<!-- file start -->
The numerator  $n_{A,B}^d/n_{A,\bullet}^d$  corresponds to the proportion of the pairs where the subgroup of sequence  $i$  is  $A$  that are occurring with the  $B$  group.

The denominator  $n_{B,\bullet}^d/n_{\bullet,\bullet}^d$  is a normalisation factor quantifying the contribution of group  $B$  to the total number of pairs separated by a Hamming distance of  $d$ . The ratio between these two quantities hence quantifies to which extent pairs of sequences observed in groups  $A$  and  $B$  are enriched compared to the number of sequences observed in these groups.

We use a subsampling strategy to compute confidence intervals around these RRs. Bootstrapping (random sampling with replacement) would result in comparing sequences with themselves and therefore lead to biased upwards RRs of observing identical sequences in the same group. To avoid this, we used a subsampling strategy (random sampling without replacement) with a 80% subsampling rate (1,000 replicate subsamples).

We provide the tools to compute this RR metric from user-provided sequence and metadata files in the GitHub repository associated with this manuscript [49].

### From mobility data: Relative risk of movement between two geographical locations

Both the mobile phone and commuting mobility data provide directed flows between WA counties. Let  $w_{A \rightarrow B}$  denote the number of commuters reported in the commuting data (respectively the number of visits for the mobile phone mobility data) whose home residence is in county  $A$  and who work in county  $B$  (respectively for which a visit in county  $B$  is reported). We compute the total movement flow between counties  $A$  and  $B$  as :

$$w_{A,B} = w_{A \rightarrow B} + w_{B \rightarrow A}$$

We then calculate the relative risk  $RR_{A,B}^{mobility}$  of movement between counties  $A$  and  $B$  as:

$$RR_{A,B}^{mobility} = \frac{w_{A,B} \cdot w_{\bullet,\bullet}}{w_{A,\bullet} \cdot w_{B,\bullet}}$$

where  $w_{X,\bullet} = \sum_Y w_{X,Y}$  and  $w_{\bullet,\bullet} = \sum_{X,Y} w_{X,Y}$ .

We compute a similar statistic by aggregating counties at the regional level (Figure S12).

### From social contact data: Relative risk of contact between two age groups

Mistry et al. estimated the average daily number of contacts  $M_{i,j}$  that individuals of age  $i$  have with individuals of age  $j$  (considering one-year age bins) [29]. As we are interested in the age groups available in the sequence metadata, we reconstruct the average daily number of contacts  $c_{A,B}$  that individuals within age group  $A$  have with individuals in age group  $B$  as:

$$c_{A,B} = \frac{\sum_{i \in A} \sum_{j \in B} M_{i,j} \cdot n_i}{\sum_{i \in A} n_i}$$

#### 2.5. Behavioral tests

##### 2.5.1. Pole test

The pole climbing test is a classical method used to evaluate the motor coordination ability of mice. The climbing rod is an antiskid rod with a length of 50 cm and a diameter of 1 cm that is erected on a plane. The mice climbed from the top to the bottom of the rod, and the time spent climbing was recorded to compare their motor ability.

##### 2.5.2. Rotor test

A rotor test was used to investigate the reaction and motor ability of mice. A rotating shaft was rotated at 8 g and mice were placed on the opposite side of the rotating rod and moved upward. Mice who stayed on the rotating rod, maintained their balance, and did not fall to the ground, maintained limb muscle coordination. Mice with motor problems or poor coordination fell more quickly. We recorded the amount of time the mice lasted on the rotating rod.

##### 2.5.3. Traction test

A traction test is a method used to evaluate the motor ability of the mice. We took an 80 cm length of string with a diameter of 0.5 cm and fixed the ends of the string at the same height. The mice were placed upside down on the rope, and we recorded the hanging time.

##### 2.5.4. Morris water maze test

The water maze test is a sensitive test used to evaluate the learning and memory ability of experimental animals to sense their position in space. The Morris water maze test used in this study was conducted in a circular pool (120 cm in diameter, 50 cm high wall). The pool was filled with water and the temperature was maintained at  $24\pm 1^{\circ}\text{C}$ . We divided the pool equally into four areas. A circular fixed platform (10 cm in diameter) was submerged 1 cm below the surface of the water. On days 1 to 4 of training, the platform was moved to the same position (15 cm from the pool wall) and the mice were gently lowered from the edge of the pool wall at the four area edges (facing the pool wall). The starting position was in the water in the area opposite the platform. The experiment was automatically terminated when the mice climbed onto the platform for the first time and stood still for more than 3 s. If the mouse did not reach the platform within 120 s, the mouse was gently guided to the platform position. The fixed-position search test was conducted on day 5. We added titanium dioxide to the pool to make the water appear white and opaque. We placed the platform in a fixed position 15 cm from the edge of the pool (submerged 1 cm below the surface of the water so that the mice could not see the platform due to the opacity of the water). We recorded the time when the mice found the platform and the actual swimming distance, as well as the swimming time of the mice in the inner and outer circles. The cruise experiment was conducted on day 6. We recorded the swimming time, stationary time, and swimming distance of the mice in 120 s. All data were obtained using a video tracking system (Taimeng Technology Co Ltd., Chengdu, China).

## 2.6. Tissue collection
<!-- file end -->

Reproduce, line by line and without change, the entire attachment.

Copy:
The numerator  $n_{A,B}^d/n_{A,\bullet}^d$  corresponds to the proportion of the pairs where the subgroup of sequence  $i$  is  $A$  that are occurring with the  $B$  group.

The denominator  $n_{B,\bullet}^d/n_{\bullet,\bullet}^d$  is a normalisation factor quantifying the contribution of group  $B$  to the total number of pairs separated by a Hamming distance of  $d$ . The ratio between these two quantities hence quantifies to which extent pairs of sequences observed in groups  $A$  and  $B$  are enriched compared to the number of sequences observed in these groups.

We use a subsampling strategy to compute confidence intervals around these RRs. Bootstrapping (random sampling with replacement) would result in comparing sequences with themselves and therefore lead to biased upwards RRs of observing identical sequences in the same group. To avoid this, we used a subsampling strategy (random sampling without replacement) with a 80% subsampling rate (1,000 replicate subsamples).

We provide the tools to compute this RR metric from user-provided sequence and metadata files in the GitHub repository associated with this manuscript [49].

### From mobility data: Relative risk of movement between two geographical locations

Both the mobile phone and commuting mobility data provide directed flows between WA counties. Let  $w_{A \rightarrow B}$  denote the number of commuters reported in the commuting data (respectively the number of visits for the mobile phone mobility data) whose home residence is in county  $A$  and who work in county  $B$  (respectively for which a visit in county  $B$  is reported). We compute the total movement flow between counties  $A$  and  $B$  as :

$$w_{A,B} = w_{A \rightarrow B} + w_{B \rightarrow A}$$

We then calculate the relative risk  $RR_{A,B}^{mobility}$  of movement between counties  $A$  and  $B$  as:

$$RR_{A,B}^{mobility} = \frac{w_{A,B} \cdot w_{\bullet,\bullet}}{w_{A,\bullet} \cdot w_{B,\bullet}}$$

where  $w_{X,\bullet} = \sum_Y w_{X,Y}$  and  $w_{\bullet,\bullet} = \sum_{X,Y} w_{X,Y}$ .

We compute a similar statistic by aggregating counties at the regional level (Figure S12).

### From social contact data: Relative risk of contact between two age groups

Mistry et al. estimated the average daily number of contacts  $M_{i,j}$  that individuals of age  $i$  have with individuals of age  $j$  (considering one-year age bins) [29]. As we are interested in the age groups available in the sequence metadata, we reconstruct the average daily number of contacts  $c_{A,B}$  that individuals within age group  $A$  have with individuals in age group  $B$  as:

$$c_{A,B} = \frac{\sum_{i \in A} \sum_{j \in B} M_{i,j} \cdot n_i}{\sum_{i \in A} n_i}$$

#### 2.5. Behavioral tests

##### 2.5.1. Pole test

The pole climbing test is a classical method used to evaluate the motor coordination ability of mice. The climbing rod is an antiskid rod with a length of 50 cm and a diameter of 1 cm that is erected on a plane. The mice climbed from the top to the bottom of the rod, and the time spent climbing was recorded to compare their motor ability.

##### 2.5.2. Rotor test

A rotor test was used to investigate the reaction and motor ability of mice. A rotating shaft was rotated at 8 g and mice were placed on the opposite side of the rotating rod and moved upward. Mice who stayed on the rotating rod, maintained their balance, and did not fall to the ground, maintained limb muscle coordination. Mice with motor problems or poor coordination fell more quickly. We recorded the amount of time the mice lasted on the rotating rod.

##### 2.5.3. Traction test

A traction test is a method used to evaluate the motor ability of the mice. We took an 80 cm length of string with a diameter of 0.5 cm and fixed the ends of the string at the same height. The mice were placed upside down on the rope, and we recorded the hanging time.

##### 2.5.4. Morris water maze test

The water maze test is a sensitive test used to evaluate the learning and memory ability of experimental animals to sense their position in space. The Morris water maze test used in this study was conducted in a circular pool (120 cm in diameter, 50 cm high wall). The pool was filled with water and the temperature was maintained at  $24\pm 1^{\circ}\text{C}$ . We divided the pool equally into four areas. A circular fixed platform (10 cm in diameter) was submerged 1 cm below the surface of the water. On days 1 to 4 of training, the platform was moved to the same position (15 cm from the pool wall) and the mice were gently lowered from the edge of the pool wall at the four area edges (facing the pool wall). The starting position was in the water in the area opposite the platform. The experiment was automatically terminated when the mice climbed onto the platform for the first time and stood still for more than 3 s. If the mouse did not reach the platform within 120 s, the mouse was gently guided to the platform position. The fixed-position search test was conducted on day 5. We added titanium dioxide to the pool to make the water appear white and opaque. We placed the platform in a fixed position 15 cm from the edge of the pool (submerged 1 cm below the surface of the water so that the mice could not see the platform due to the opacity of the water). We recorded the time when the mice found the platform and the actual swimming distance, as well as the swimming time of the mice in the inner and outer circles. The cruise experiment was conducted on day 6. We recorded the swimming time, stationary time, and swimming distance of the mice in 120 s. All data were obtained using a video tracking system (Taimeng Technology Co Ltd., Chengdu, China).

## 2.6. Tissue collection